MR. FOSTER: Next chart, please. This is STS 47; and as you can see, there were one large divot here, a bunch of smaller ones, and even something on the outboard side. The purpose of putting this chart in here is twofold. One, the damage result was only three hits greater than an inch. What I'm attempting to show here is that it's a time-dependent thing, depending on where you lose the foam. Now, going back -- I don't have any information of exactly what time that came out, but if it's early in flight or later in the ascent flight, you're dynamic pressure is not at its maximum and so you don't put as much momentum on a piece coming off and therefore it's not going to have as much damage to the orbiter. So there's a lot of people studying the transport of debris; and it is a function of when it comes off, how much damage it can do. STS 112, we had a very large piece come off, but it never hit the orbiter at all.

By the way, this second point here is that even though there were only three hits greater than an inch, an IFA was taken on this tank, to go and investigate why you're losing foam.

MR. HUBBARD: Just to be sure I understood that point you just made, which I think is an important one, is that it depends on when in the flight the foam shedding occurs, how much damage a given piece might cause?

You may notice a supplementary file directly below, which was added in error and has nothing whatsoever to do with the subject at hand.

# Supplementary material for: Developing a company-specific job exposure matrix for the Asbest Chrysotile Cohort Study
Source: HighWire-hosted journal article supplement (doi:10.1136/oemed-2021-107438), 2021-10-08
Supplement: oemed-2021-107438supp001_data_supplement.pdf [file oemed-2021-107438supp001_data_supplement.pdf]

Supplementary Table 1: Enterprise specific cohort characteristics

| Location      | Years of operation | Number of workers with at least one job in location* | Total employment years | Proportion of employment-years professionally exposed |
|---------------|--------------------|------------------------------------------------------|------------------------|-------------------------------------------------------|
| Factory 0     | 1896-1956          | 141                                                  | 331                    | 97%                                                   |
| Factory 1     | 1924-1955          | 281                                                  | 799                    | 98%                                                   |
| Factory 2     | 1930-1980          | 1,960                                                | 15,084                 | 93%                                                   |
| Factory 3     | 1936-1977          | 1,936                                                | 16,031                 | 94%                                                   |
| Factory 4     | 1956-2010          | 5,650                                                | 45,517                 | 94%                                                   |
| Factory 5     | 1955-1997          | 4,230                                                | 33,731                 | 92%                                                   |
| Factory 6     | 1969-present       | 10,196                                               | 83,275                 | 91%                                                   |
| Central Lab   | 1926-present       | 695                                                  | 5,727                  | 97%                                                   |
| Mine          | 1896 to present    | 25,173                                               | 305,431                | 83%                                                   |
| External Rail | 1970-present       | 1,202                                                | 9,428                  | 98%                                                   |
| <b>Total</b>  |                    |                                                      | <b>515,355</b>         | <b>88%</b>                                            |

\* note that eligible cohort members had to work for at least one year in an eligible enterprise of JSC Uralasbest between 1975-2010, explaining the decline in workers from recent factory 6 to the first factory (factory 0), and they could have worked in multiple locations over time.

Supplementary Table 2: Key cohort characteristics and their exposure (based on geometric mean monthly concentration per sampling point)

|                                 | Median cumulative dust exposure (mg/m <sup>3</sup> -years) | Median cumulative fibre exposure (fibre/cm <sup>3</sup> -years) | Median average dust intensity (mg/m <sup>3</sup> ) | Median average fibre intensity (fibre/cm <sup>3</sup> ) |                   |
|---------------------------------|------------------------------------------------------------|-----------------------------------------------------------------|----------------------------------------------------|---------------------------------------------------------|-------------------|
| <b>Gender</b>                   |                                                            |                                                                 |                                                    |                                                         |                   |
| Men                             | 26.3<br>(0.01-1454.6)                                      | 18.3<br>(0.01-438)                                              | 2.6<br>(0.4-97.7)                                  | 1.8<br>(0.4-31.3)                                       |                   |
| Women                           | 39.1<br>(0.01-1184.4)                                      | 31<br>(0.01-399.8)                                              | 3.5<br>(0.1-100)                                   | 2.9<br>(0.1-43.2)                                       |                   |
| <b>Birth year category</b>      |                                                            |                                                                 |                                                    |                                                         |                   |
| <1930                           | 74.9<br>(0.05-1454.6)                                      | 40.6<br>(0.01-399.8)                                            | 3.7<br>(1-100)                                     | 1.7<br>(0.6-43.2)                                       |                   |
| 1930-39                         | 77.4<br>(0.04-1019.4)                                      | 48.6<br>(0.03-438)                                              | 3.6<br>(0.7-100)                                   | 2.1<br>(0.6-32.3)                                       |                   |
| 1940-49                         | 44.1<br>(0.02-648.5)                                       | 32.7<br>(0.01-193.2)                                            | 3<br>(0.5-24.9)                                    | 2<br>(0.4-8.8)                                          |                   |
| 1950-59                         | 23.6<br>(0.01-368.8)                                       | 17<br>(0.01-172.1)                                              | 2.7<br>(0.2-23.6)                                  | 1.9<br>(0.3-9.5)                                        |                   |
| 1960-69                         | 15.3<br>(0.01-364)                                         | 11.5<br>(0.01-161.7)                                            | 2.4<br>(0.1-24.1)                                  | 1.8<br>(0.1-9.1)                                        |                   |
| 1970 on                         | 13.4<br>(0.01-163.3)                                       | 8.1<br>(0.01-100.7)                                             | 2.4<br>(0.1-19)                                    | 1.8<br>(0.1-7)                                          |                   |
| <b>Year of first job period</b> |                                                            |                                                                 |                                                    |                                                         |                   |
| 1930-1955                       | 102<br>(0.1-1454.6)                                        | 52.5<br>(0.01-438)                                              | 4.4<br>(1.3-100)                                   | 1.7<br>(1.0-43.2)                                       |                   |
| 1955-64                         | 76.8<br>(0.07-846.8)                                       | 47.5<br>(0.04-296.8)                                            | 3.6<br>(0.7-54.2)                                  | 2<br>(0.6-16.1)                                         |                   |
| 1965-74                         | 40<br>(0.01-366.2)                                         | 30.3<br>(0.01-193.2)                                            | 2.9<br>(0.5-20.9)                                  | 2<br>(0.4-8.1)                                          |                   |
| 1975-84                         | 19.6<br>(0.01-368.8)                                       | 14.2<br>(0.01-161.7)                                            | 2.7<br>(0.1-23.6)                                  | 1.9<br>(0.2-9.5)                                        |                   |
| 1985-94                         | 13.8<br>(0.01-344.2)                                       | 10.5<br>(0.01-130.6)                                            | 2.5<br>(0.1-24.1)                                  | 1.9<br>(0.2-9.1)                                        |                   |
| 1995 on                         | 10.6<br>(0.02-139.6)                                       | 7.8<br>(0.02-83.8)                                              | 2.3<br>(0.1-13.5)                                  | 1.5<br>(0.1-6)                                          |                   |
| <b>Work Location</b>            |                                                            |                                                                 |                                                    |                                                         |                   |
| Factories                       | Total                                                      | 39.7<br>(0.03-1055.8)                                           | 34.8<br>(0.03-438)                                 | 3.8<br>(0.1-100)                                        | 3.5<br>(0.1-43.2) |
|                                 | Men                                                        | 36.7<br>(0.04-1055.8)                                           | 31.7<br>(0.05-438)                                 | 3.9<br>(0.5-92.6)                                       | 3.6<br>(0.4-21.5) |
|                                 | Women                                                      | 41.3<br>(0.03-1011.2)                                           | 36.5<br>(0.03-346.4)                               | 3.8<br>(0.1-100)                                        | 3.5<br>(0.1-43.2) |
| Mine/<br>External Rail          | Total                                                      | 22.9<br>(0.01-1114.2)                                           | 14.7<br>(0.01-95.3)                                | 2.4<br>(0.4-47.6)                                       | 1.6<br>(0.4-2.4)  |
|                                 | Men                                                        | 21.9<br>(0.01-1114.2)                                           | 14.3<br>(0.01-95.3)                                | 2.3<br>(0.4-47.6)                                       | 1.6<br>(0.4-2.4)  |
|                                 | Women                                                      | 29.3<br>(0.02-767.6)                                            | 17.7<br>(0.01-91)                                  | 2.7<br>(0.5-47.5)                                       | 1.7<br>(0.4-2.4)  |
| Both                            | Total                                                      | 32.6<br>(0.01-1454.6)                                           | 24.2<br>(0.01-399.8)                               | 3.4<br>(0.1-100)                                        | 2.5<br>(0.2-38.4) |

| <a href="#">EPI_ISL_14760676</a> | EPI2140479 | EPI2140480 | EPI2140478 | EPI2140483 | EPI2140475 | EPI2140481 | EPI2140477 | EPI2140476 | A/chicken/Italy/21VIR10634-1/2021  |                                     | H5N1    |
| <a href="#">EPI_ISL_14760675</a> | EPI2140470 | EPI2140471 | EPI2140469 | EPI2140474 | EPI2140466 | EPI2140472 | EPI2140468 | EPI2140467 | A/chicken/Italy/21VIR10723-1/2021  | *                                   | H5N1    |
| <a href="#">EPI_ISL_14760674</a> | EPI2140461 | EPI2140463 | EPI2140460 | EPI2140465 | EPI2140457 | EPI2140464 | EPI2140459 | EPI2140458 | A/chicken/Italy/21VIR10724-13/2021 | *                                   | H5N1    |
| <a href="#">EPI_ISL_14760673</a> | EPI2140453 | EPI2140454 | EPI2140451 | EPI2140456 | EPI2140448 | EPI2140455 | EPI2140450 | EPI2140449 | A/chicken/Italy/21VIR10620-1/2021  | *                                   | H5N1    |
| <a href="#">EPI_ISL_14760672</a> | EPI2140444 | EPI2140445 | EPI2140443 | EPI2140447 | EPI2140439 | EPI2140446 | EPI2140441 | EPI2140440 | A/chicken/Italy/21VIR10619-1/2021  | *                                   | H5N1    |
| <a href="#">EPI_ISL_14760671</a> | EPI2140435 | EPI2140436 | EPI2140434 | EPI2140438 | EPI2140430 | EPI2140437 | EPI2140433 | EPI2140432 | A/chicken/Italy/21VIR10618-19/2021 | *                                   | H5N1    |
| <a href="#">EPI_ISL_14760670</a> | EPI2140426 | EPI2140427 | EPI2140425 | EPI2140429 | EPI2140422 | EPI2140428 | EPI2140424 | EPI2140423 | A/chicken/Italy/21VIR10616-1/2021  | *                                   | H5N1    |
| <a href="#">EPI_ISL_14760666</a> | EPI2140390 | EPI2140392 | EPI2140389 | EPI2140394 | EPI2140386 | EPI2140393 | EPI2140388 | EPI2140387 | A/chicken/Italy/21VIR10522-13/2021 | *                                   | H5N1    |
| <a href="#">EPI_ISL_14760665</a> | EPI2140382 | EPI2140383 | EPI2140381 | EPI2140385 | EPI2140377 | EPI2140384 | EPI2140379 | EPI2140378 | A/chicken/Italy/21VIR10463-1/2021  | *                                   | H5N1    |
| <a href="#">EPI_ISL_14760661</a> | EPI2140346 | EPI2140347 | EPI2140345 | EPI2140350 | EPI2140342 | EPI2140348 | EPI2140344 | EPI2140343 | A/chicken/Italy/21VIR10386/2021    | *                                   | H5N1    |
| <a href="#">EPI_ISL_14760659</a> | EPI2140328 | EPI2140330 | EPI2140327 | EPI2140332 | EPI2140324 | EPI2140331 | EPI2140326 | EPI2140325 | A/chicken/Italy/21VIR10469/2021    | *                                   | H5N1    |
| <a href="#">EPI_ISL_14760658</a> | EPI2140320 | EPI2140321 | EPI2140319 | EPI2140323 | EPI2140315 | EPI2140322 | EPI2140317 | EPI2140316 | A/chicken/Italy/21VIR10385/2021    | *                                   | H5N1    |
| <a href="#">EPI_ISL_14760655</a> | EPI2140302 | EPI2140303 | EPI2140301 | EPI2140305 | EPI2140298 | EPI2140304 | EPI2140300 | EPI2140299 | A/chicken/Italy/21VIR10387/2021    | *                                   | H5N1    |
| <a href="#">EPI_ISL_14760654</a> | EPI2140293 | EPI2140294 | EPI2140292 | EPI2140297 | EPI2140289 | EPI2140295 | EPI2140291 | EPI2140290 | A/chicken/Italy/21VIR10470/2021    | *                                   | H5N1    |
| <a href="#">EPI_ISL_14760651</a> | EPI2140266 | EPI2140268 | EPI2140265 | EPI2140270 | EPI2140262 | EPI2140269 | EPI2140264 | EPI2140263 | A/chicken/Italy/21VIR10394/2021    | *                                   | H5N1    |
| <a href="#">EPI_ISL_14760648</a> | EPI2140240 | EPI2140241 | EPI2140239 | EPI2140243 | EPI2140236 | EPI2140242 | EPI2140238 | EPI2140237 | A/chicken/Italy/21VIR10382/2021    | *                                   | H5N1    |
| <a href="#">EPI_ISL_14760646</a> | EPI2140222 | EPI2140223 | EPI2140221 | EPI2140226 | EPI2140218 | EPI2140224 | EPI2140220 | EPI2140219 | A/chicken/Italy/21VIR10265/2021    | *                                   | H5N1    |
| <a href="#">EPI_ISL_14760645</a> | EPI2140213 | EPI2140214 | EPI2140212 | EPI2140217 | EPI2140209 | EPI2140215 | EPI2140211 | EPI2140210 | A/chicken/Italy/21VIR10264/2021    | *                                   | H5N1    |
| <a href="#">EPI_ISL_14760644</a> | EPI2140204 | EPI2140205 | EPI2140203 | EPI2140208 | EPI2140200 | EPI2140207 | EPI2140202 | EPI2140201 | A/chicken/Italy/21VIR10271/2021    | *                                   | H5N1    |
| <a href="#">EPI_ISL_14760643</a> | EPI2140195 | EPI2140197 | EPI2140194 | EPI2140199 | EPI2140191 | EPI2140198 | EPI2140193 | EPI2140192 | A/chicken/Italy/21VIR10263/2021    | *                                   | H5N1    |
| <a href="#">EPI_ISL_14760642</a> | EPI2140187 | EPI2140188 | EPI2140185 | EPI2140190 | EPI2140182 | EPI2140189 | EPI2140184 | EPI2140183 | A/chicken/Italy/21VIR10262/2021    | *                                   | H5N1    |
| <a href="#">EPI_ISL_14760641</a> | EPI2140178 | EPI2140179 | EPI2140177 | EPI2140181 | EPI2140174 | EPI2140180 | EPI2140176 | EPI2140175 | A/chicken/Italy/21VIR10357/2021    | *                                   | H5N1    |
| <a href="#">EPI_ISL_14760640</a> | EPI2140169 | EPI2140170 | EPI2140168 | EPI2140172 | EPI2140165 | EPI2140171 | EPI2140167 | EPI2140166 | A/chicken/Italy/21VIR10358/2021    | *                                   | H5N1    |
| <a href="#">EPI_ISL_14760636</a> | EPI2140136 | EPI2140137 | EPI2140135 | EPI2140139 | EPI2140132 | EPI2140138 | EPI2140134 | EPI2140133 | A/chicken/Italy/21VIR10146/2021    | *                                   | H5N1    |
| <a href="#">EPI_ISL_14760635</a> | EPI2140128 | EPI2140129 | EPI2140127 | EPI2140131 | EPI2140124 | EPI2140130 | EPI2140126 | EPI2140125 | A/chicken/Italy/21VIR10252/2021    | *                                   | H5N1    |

MR. FOSTER: Yes, sir. Both from the trajectory -- the transport over to the orbiter. Because the flow field is constantly changing and then also the amount of entrainment you can get in the flow and therefore the more damage potential.

MR. WALLACE: Sir, you said on STS 47 an IFA was taken.

MR. FOSTER: Yes, sir.

MR. WALLACE: Was that the decision or recommendation of the external tank project then?

MR. FOSTER: Most IFAs, I believe, are a system call which the ETs along with everybody else is in the decision-making process. I don't think I can say that it was something requested by the ET here or whether it was just the system said, you know, this is a big piece of debris, we need to go look at it. I really can't answer that question.

MR. WALLACE: Do you have any further recollection as to whether it was a constraint to flight or what actions were taken?

MR. FOSTER: I know it was not a constraint to flight. All of the debris that we have here has been judged by the system as not a safety-of-flight issue but a maintenance issue; and we have all in the past been involved in those decisions. Rightly or wrongly, they were all declared a maintenance item and not a safety of flight.